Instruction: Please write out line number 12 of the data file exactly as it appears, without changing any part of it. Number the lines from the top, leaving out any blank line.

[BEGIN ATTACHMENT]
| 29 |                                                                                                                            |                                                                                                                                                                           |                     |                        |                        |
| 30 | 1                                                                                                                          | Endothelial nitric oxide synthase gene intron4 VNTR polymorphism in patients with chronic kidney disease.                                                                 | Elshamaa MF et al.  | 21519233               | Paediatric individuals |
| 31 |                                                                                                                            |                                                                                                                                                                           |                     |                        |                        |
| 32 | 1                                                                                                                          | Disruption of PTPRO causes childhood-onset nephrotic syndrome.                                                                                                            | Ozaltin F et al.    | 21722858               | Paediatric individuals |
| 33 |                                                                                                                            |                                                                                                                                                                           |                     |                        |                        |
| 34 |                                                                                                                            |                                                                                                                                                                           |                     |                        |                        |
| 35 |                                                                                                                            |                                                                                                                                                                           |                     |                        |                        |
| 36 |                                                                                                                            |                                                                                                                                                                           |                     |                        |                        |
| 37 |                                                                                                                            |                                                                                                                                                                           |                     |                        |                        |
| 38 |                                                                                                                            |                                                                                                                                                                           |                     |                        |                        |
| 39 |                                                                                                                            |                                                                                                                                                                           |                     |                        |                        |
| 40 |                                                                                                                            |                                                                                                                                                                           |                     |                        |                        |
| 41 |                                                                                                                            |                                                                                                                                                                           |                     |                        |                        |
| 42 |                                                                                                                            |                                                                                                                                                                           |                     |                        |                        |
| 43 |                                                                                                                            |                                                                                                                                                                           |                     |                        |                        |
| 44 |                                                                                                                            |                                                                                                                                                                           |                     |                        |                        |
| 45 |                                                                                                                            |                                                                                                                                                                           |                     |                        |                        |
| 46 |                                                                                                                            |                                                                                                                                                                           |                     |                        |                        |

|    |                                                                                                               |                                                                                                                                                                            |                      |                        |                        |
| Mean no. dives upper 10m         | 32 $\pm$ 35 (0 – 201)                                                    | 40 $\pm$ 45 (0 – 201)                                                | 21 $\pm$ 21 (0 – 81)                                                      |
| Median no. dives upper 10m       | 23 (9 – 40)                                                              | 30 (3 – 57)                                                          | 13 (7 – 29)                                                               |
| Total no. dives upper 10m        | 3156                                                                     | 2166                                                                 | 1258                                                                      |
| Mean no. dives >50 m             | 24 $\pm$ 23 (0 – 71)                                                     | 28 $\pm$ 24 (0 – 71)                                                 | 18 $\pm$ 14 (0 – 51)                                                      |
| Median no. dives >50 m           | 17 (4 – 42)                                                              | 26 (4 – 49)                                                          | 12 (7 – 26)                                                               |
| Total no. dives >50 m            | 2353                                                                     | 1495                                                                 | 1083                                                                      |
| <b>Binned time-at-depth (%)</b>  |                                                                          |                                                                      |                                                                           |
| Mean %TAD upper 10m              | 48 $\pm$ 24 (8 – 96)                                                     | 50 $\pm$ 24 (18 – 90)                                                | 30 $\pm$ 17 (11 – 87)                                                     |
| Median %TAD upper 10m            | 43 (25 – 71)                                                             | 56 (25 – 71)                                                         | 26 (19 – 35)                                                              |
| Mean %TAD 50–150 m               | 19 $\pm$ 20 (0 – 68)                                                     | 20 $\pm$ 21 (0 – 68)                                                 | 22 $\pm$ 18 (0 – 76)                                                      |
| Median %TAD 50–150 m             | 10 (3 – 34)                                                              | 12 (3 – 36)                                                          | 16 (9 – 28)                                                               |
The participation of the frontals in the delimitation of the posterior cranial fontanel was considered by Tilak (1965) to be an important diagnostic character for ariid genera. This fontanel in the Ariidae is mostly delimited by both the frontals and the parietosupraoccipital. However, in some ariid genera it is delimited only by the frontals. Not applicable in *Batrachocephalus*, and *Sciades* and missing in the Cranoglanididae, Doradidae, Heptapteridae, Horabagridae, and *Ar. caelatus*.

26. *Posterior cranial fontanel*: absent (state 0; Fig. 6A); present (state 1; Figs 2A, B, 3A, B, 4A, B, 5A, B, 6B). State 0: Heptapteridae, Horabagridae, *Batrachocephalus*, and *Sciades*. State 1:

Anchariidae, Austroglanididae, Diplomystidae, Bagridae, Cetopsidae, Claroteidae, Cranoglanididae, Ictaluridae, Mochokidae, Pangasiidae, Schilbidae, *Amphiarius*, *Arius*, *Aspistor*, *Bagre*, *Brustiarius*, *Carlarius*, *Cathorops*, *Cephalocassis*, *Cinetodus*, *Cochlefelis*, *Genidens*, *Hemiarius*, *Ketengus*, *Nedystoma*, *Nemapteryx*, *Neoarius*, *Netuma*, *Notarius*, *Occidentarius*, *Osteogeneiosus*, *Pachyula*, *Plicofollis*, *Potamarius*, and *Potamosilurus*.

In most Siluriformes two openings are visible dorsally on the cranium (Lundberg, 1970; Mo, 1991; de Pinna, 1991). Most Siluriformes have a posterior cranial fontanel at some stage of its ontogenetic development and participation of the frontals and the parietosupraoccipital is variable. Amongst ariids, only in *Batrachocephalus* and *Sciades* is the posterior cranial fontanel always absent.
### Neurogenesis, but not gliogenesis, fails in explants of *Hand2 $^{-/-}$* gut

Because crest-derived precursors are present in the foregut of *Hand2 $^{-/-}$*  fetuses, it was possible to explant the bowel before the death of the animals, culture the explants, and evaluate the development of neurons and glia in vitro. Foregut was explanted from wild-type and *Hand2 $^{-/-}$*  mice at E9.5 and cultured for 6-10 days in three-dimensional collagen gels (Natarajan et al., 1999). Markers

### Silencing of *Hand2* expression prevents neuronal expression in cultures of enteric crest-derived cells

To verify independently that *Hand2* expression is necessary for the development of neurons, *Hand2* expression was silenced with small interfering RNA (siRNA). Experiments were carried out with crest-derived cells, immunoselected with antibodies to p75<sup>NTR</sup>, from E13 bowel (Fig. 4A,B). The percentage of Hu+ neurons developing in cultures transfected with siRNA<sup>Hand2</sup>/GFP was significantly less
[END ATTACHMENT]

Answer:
| 40 |                                                                                                                            |                                                                                                                                                                           |                     |                        |                        |